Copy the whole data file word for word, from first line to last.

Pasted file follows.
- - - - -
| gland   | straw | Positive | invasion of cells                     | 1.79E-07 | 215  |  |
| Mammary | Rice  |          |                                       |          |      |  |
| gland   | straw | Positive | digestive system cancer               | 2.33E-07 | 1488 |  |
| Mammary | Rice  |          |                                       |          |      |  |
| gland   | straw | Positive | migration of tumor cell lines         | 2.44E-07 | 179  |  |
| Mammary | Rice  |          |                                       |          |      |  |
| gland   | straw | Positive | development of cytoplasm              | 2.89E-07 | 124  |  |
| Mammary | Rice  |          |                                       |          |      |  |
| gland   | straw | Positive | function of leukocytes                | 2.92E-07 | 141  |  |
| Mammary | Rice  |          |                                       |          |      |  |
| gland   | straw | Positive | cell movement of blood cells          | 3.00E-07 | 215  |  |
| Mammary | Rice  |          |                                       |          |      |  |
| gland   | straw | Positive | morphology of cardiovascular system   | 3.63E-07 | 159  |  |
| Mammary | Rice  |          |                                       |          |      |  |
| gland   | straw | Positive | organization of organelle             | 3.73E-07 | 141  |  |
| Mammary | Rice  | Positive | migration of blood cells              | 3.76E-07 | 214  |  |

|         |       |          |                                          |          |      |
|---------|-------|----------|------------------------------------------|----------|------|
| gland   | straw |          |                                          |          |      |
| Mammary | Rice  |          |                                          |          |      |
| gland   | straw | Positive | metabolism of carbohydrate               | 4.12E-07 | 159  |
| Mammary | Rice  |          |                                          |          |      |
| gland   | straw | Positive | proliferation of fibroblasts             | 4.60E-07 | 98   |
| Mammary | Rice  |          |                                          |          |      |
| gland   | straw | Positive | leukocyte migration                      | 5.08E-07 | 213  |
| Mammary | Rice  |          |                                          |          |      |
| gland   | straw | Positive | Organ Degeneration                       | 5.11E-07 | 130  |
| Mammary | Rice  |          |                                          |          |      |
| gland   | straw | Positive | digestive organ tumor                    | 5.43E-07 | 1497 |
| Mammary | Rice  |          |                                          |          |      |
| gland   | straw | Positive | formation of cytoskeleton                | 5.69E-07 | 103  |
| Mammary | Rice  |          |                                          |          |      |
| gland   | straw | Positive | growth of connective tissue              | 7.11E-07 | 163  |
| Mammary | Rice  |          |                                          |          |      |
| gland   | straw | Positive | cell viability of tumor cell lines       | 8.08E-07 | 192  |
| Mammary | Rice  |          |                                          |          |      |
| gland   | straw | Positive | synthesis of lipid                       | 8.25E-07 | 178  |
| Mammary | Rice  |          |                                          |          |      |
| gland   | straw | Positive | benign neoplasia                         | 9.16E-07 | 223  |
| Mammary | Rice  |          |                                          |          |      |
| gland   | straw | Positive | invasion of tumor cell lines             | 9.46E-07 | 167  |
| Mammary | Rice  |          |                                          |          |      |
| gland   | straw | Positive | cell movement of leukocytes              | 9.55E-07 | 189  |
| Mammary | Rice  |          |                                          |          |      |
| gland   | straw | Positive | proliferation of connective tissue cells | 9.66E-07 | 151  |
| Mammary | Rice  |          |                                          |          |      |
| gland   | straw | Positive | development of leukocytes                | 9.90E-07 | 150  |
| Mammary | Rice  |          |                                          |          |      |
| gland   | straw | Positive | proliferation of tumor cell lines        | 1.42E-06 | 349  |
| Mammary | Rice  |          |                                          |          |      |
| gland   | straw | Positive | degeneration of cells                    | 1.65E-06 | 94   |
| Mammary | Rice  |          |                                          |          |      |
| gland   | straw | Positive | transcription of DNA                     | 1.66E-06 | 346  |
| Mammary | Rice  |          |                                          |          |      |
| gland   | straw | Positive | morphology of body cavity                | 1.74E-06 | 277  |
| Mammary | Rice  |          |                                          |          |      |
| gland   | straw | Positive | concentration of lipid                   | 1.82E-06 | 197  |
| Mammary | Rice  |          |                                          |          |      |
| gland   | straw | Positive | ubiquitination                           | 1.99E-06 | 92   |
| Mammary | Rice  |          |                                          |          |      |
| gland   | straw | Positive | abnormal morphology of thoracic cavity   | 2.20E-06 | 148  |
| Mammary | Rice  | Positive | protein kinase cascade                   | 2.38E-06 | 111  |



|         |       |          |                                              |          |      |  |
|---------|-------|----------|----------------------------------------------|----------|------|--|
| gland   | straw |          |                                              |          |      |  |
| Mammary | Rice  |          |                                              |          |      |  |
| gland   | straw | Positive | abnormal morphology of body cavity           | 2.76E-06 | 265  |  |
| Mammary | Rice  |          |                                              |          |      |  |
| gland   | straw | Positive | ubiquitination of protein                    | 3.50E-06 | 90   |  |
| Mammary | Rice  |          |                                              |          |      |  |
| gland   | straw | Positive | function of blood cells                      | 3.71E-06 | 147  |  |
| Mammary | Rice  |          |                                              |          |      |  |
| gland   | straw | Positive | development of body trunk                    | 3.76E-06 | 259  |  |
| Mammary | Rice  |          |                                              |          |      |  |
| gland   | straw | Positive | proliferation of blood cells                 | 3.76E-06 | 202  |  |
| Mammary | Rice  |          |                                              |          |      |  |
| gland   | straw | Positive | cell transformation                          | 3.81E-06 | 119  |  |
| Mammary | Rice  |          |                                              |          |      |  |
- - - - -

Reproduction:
| gland   | straw | Positive | invasion of cells                     | 1.79E-07 | 215  |  |
| Mammary | Rice  |          |                                       |          |      |  |
| gland   | straw | Positive | digestive system cancer               | 2.33E-07 | 1488 |  |
| Mammary | Rice  |          |                                       |          |      |  |
| gland   | straw | Positive | migration of tumor cell lines         | 2.44E-07 | 179  |  |
| Mammary | Rice  |          |                                       |          |      |  |
| gland   | straw | Positive | development of cytoplasm              | 2.89E-07 | 124  |  |
| Mammary | Rice  |          |                                       |          |      |  |
| gland   | straw | Positive | function of leukocytes                | 2.92E-07 | 141  |  |
| Mammary | Rice  |          |                                       |          |      |  |
| gland   | straw | Positive | cell movement of blood cells          | 3.00E-07 | 215  |  |
| Mammary | Rice  |          |                                       |          |      |  |
| gland   | straw | Positive | morphology of cardiovascular system   | 3.63E-07 | 159  |  |
| Mammary | Rice  |          |                                       |          |      |  |
| gland   | straw | Positive | organization of organelle             | 3.73E-07 | 141  |  |
| Mammary | Rice  | Positive | migration of blood cells              | 3.76E-07 | 214  |  |

|         |       |          |                                          |          |      |
|---------|-------|----------|------------------------------------------|----------|------|
| gland   | straw |          |                                          |          |      |
| Mammary | Rice  |          |                                          |          |      |
| gland   | straw | Positive | metabolism of carbohydrate               | 4.12E-07 | 159  |
| Mammary | Rice  |          |                                          |          |      |
| gland   | straw | Positive | proliferation of fibroblasts             | 4.60E-07 | 98   |
| Mammary | Rice  |          |                                          |          |      |
| gland   | straw | Positive | leukocyte migration                      | 5.08E-07 | 213  |
| Mammary | Rice  |          |                                          |          |      |
| gland   | straw | Positive | Organ Degeneration                       | 5.11E-07 | 130  |
| Mammary | Rice  |          |                                          |          |      |
| gland   | straw | Positive | digestive organ tumor                    | 5.43E-07 | 1497 |
| Mammary | Rice  |          |                                          |          |      |
| gland   | straw | Positive | formation of cytoskeleton                | 5.69E-07 | 103  |
| Mammary | Rice  |          |                                          |          |      |
| gland   | straw | Positive | growth of connective tissue              | 7.11E-07 | 163  |
| Mammary | Rice  |          |                                          |          |      |
| gland   | straw | Positive | cell viability of tumor cell lines       | 8.08E-07 | 192  |
| Mammary | Rice  |          |                                          |          |      |
| gland   | straw | Positive | synthesis of lipid                       | 8.25E-07 | 178  |
| Mammary | Rice  |          |                                          |          |      |
| gland   | straw | Positive | benign neoplasia                         | 9.16E-07 | 223  |
| Mammary | Rice  |          |                                          |          |      |
| gland   | straw | Positive | invasion of tumor cell lines             | 9.46E-07 | 167  |
| Mammary | Rice  |          |                                          |          |      |
| gland   | straw | Positive | cell movement of leukocytes              | 9.55E-07 | 189  |
| Mammary | Rice  |          |                                          |          |      |
| gland   | straw | Positive | proliferation of connective tissue cells | 9.66E-07 | 151  |
| Mammary | Rice  |          |                                          |          |      |
| gland   | straw | Positive | development of leukocytes                | 9.90E-07 | 150  |
| Mammary | Rice  |          |                                          |          |      |
| gland   | straw | Positive | proliferation of tumor cell lines        | 1.42E-06 | 349  |
| Mammary | Rice  |          |                                          |          |      |
| gland   | straw | Positive | degeneration of cells                    | 1.65E-06 | 94   |
| Mammary | Rice  |          |                                          |          |      |
| gland   | straw | Positive | transcription of DNA                     | 1.66E-06 | 346  |
| Mammary | Rice  |          |                                          |          |      |
| gland   | straw | Positive | morphology of body cavity                | 1.74E-06 | 277  |
| Mammary | Rice  |          |                                          |          |      |
| gland   | straw | Positive | concentration of lipid                   | 1.82E-06 | 197  |
| Mammary | Rice  |          |                                          |          |      |
| gland   | straw | Positive | ubiquitination                           | 1.99E-06 | 92   |
| Mammary | Rice  |          |                                          |          |      |
| gland   | straw | Positive | abnormal morphology of thoracic cavity   | 2.20E-06 | 148  |
| Mammary | Rice  | Positive | protein kinase cascade                   | 2.38E-06 | 111  |



|         |       |          |                                              |          |      |  |
|---------|-------|----------|----------------------------------------------|----------|------|--|
| gland   | straw |          |                                              |          |      |  |
| Mammary | Rice  |          |                                              |          |      |  |
| gland   | straw | Positive | abnormal morphology of body cavity           | 2.76E-06 | 265  |  |
| Mammary | Rice  |          |                                              |          |      |  |
| gland   | straw | Positive | ubiquitination of protein                    | 3.50E-06 | 90   |  |
| Mammary | Rice  |          |                                              |          |      |  |
| gland   | straw | Positive | function of blood cells                      | 3.71E-06 | 147  |  |
| Mammary | Rice  |          |                                              |          |      |  |
| gland   | straw | Positive | development of body trunk                    | 3.76E-06 | 259  |  |
| Mammary | Rice  |          |                                              |          |      |  |
| gland   | straw | Positive | proliferation of blood cells                 | 3.76E-06 | 202  |  |
| Mammary | Rice  |          |                                              |          |      |  |
| gland   | straw | Positive | cell transformation                          | 3.81E-06 | 119  |  |
| Mammary | Rice  |          |                                              |          |      |  |